Monday, March 7, 2016
Reader, I Murdered Him......
March 22, 2016
G. P. Putnam's Sons
I fell in love with Charlotte Bronte's Jane Eyre when I first read it at about the age of twelve. I loved the language, the masterful portrayal of Jane's inner self and the admittedly not very politically correct romance with Mr. Rochester. Yes, Mr. Rochester was a manipulative so and so, firmly rooted in 19th-century masculinity, but Jane refused to violate her own principles under the influence of his wiles. I confess to many re-readings of the novel over the years along with multiple screen adaptations. I am somewhat allergic to "re-imaginings" of classic novels. Had this been, say, Jane Eyre with Zombies rather than Jane Eyre, serial murderer, I would have run far and fast. I am also a great admirer of Lyndsay Faye's work, from her Sherlockian novel, Dust and Shadows, through her recent historical Timothy Wilde Trilogy, set in Civil War-era New York. If anyone could pull this off, Lyndsay Faye could, and I was not disappointed.
Jane Steele lives in the countryside at Highgate Hall with her French mother, both grudgingly sheltered by her Aunt, Patience Barbary. Jane's favorite novel is Jane Eyre, and her life has some obvious parallels. When Jane's mother dies and Jane commits her first murder, she asks to be sent off to school, unlike the Jane of the novel. Lowan Bridge School equals, perhaps surpasses the brutality of Lowood School, but Jane makes a good friend in a younger girl, Clarke, and gets a good education at least. The situation calls for more murder to save Clark's life, and the two girls run off to London. London is as filthy and magnificent as Dickens ever described. Jane supports herself and Clarke by writing gallows ballads and last confessions of condemned prisoners for scandal papers hawked in the streets. Along the way, she and Clarke part company, and Jane is called to her "accidental avenger" role several times. Jane was always told by her mother that she was the rightful heir to Highgate, so when she sees an advertisement for a governess by the new owner, Charles Thornfield, she must apply for the position. Highgate Hall is much changed. Charles Thornfield is a veteran of the East Indian Company's wars with the Sikh Empire and all the servants are Sikhs. Her pupil is a half-caste girl with a horse obsession, Sahjara. Jane feels an immediate attraction to Charles Thornfield, but there are mysteries at Highgate Hall- why is no one allowed in the cellar for instance? And how can Jane ever let Thornfield know about her past?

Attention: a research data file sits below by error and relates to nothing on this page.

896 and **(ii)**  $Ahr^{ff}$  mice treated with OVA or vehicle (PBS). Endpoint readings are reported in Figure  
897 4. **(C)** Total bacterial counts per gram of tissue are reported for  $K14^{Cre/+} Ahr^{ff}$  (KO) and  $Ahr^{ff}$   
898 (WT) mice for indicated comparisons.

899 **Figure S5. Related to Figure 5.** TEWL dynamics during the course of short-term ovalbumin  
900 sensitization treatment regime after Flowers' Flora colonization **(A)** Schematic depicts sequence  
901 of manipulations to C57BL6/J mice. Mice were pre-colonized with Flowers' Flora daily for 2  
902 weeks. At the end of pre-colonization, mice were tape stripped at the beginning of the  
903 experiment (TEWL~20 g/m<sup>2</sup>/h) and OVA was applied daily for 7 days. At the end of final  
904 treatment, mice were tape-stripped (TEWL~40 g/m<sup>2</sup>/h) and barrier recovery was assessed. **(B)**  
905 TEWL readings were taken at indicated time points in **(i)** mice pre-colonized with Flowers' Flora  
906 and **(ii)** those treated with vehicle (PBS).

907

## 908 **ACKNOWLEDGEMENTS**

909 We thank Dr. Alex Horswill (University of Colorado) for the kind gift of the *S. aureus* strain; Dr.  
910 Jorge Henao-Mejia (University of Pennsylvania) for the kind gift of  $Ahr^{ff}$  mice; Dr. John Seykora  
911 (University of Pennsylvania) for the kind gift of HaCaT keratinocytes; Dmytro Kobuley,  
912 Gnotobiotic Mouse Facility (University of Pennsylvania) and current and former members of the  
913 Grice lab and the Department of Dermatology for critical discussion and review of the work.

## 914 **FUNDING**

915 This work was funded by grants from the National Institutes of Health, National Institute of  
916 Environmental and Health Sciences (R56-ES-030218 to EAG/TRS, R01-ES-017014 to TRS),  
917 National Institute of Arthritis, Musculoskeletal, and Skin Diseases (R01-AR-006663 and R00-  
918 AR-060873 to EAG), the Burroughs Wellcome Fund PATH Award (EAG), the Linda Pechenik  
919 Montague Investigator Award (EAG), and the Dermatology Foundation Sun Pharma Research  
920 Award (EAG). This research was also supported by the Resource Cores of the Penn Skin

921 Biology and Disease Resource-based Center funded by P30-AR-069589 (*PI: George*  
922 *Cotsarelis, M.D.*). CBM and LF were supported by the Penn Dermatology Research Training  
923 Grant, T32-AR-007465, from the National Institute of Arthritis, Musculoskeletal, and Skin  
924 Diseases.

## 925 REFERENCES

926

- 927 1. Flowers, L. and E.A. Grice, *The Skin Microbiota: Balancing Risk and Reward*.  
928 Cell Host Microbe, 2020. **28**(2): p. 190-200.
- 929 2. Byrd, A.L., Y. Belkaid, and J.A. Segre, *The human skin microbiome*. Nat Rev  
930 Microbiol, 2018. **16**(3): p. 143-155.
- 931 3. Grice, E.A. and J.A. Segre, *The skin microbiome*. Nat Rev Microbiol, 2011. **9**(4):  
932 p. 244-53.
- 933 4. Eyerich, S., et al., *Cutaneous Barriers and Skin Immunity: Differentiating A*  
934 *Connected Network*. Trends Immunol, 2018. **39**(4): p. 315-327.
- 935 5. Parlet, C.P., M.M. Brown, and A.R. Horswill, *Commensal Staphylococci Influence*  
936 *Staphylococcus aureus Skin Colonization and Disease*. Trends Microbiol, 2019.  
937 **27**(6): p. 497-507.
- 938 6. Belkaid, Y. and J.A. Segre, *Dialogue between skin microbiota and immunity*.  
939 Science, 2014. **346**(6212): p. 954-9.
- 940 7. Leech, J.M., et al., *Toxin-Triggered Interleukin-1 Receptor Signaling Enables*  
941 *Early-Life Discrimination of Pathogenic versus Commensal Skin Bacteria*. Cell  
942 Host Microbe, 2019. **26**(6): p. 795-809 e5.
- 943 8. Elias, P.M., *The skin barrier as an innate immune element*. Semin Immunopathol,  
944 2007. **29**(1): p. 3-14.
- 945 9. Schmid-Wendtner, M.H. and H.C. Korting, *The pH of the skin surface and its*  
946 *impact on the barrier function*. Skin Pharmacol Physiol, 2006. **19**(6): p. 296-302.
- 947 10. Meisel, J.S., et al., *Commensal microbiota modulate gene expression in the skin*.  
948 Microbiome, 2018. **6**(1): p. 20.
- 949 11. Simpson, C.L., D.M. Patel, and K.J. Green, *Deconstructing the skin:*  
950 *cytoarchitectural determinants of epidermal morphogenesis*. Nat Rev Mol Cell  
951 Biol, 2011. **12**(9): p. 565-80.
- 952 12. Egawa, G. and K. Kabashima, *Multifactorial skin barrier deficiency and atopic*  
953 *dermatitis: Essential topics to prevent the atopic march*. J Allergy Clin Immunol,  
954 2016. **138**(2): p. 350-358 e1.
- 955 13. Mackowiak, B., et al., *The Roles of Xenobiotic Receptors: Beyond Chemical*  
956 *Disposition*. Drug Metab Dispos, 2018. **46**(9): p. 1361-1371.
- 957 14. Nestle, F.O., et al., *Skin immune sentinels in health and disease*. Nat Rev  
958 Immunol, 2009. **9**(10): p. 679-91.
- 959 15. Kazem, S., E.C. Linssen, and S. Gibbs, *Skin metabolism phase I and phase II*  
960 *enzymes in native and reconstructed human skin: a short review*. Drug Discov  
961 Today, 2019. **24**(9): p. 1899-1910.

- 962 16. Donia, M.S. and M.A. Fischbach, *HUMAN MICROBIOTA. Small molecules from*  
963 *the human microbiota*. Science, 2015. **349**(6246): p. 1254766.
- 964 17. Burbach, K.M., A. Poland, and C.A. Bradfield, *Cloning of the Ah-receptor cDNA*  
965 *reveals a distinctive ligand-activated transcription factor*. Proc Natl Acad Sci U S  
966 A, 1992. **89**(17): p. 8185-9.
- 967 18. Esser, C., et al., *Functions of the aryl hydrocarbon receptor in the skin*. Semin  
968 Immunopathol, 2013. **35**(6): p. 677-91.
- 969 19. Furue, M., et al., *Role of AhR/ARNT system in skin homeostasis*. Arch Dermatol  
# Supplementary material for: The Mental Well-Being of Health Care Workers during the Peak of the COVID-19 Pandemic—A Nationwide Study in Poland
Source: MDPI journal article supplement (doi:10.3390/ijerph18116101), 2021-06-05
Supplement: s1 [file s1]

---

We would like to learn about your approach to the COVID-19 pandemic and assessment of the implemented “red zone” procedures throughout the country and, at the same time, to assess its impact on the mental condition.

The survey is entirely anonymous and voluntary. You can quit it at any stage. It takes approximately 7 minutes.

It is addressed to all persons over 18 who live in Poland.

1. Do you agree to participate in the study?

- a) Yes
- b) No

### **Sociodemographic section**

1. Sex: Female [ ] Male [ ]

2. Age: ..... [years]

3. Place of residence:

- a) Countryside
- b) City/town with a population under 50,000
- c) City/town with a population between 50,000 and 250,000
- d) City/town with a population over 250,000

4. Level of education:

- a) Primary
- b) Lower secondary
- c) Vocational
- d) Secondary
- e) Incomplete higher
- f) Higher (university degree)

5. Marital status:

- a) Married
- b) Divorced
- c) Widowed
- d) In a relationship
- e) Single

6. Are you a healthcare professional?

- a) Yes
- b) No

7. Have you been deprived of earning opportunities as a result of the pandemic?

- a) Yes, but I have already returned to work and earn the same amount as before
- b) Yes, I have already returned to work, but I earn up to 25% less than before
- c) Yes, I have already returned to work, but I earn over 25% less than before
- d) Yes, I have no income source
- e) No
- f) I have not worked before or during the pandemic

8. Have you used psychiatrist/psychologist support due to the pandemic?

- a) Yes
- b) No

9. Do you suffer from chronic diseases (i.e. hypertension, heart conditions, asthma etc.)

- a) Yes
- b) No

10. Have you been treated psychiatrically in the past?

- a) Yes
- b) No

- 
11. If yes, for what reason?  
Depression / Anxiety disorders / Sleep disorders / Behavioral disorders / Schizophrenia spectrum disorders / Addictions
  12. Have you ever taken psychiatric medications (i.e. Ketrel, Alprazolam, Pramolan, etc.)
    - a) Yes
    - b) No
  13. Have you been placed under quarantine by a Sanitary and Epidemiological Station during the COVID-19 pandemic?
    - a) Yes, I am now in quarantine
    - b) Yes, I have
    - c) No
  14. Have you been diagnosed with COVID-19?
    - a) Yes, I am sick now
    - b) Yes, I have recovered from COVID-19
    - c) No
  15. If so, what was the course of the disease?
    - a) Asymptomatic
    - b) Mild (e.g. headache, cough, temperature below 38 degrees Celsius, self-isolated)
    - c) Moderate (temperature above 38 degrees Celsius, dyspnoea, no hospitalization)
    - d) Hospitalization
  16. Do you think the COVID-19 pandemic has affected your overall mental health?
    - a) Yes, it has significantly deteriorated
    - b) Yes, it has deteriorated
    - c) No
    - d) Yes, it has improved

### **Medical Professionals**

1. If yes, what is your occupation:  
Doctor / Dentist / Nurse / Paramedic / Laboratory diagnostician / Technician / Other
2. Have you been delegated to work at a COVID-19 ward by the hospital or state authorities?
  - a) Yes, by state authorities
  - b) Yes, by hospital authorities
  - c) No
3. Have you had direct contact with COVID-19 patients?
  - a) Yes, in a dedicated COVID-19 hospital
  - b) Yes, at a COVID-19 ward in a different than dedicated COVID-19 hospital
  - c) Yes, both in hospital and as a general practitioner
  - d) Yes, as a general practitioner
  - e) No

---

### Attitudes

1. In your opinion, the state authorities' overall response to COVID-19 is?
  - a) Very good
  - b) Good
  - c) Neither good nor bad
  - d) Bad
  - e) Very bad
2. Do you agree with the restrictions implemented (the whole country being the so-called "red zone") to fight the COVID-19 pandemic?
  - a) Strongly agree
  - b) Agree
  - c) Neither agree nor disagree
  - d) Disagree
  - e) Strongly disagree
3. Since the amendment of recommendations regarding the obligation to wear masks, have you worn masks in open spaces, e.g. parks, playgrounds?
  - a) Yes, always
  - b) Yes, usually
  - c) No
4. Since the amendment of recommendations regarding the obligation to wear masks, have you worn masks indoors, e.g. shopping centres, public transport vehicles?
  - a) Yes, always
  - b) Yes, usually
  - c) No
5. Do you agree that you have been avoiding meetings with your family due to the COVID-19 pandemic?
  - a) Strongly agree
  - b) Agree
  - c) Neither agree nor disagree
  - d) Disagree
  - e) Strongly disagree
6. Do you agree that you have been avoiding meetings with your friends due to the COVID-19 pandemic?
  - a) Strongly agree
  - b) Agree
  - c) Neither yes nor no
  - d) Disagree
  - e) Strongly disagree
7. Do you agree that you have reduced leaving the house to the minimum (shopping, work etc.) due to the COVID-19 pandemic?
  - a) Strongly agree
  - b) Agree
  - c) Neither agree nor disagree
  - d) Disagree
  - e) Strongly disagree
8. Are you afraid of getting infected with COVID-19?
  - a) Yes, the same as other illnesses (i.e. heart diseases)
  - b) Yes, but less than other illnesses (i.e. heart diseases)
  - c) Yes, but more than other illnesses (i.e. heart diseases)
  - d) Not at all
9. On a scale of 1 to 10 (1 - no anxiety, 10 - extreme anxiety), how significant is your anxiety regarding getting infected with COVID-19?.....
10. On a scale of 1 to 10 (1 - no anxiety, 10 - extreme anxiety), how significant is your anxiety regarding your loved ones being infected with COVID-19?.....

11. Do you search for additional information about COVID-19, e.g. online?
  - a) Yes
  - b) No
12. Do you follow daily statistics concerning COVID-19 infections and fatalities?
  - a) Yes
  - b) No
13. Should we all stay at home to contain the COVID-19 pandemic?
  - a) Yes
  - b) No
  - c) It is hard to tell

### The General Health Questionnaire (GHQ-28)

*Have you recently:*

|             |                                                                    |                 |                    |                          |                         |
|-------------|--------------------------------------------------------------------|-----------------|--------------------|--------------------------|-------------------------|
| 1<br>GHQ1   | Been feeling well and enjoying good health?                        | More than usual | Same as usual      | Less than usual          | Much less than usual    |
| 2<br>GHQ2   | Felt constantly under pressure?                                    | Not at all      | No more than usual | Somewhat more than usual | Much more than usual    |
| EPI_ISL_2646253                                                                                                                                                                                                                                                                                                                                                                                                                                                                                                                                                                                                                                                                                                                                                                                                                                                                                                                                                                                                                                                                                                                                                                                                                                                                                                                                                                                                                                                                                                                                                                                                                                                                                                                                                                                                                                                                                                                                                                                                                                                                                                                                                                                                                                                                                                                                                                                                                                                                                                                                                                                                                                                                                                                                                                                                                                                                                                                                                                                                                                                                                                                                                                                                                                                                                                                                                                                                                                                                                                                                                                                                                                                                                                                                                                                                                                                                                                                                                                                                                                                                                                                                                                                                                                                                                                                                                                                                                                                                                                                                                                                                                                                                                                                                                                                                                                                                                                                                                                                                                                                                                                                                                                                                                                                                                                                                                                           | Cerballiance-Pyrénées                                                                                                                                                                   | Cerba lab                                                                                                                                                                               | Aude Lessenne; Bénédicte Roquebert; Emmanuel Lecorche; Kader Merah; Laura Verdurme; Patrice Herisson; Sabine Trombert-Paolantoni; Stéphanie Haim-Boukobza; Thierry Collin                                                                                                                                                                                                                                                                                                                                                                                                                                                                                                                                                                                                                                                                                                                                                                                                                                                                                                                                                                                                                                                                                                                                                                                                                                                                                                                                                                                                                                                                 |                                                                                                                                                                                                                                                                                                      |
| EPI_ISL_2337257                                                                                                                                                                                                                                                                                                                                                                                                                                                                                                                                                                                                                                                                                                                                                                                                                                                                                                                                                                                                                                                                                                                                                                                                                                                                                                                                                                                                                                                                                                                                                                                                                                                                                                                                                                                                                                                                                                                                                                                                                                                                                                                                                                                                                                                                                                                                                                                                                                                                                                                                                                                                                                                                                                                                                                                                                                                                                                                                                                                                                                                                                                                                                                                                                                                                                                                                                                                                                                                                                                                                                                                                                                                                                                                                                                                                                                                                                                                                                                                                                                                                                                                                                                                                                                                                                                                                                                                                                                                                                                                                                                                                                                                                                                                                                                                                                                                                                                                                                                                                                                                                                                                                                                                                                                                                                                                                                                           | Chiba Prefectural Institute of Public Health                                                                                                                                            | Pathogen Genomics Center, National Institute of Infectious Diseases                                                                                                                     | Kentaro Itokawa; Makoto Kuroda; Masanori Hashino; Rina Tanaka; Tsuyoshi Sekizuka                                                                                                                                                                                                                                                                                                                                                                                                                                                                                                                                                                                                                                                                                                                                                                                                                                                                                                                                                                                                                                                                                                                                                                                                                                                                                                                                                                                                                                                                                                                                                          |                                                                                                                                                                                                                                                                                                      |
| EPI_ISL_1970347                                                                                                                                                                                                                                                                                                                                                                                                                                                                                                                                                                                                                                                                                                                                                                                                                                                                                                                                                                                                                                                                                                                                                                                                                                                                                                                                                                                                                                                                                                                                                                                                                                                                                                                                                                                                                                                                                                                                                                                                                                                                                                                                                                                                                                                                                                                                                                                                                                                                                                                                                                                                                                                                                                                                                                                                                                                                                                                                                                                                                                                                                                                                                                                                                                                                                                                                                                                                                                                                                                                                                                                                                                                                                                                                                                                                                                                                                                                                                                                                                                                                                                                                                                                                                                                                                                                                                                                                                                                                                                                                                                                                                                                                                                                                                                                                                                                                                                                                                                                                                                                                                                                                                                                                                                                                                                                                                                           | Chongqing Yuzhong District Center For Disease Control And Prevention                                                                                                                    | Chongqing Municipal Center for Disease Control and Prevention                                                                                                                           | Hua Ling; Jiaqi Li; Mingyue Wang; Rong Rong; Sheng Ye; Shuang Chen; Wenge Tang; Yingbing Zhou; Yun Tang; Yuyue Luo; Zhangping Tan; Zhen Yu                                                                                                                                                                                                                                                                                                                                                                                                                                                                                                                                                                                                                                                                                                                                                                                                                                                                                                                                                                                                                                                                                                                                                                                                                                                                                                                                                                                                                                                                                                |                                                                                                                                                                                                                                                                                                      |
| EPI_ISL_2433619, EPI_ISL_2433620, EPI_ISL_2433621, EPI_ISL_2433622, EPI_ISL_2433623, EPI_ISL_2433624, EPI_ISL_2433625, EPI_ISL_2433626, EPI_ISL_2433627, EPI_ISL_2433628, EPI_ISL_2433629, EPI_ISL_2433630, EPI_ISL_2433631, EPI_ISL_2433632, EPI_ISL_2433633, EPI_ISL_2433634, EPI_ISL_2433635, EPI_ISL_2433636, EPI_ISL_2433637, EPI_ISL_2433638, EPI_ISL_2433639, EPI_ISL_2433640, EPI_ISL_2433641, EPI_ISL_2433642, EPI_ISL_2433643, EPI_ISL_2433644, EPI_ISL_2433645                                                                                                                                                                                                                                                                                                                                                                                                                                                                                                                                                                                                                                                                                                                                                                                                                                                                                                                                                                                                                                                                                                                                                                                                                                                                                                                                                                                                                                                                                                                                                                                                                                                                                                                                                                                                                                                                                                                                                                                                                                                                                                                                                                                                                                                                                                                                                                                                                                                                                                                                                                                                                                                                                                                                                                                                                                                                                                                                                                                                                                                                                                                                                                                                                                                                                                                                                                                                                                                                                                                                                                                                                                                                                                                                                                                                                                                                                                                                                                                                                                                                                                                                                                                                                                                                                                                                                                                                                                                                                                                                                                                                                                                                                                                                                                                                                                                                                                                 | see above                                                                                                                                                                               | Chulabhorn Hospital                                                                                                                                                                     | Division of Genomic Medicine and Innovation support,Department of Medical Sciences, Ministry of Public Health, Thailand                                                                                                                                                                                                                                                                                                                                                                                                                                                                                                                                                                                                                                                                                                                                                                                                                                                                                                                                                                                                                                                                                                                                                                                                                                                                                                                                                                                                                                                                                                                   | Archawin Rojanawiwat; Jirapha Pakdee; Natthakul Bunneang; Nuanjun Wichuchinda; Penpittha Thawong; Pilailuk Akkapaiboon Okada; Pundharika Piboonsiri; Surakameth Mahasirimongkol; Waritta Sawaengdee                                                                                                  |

Jane Steele is billed as a "satirical romance" and it is all of that. It is very funny, especially the gallows ballads, and the wonderful Dickensian names: Vesalius Munt, Sam Quillfeather, and Mr. Grizzlehurst being just some examples. It is also a window into the Sikh way of life and the disastrous history of East Indian Company machinations. I loved Jane Steele from beginning to end and was quite as well satisfied with the ending as with the original.
Thanks to the Penguin First to Read program for an advance digital copy in return for an honest review.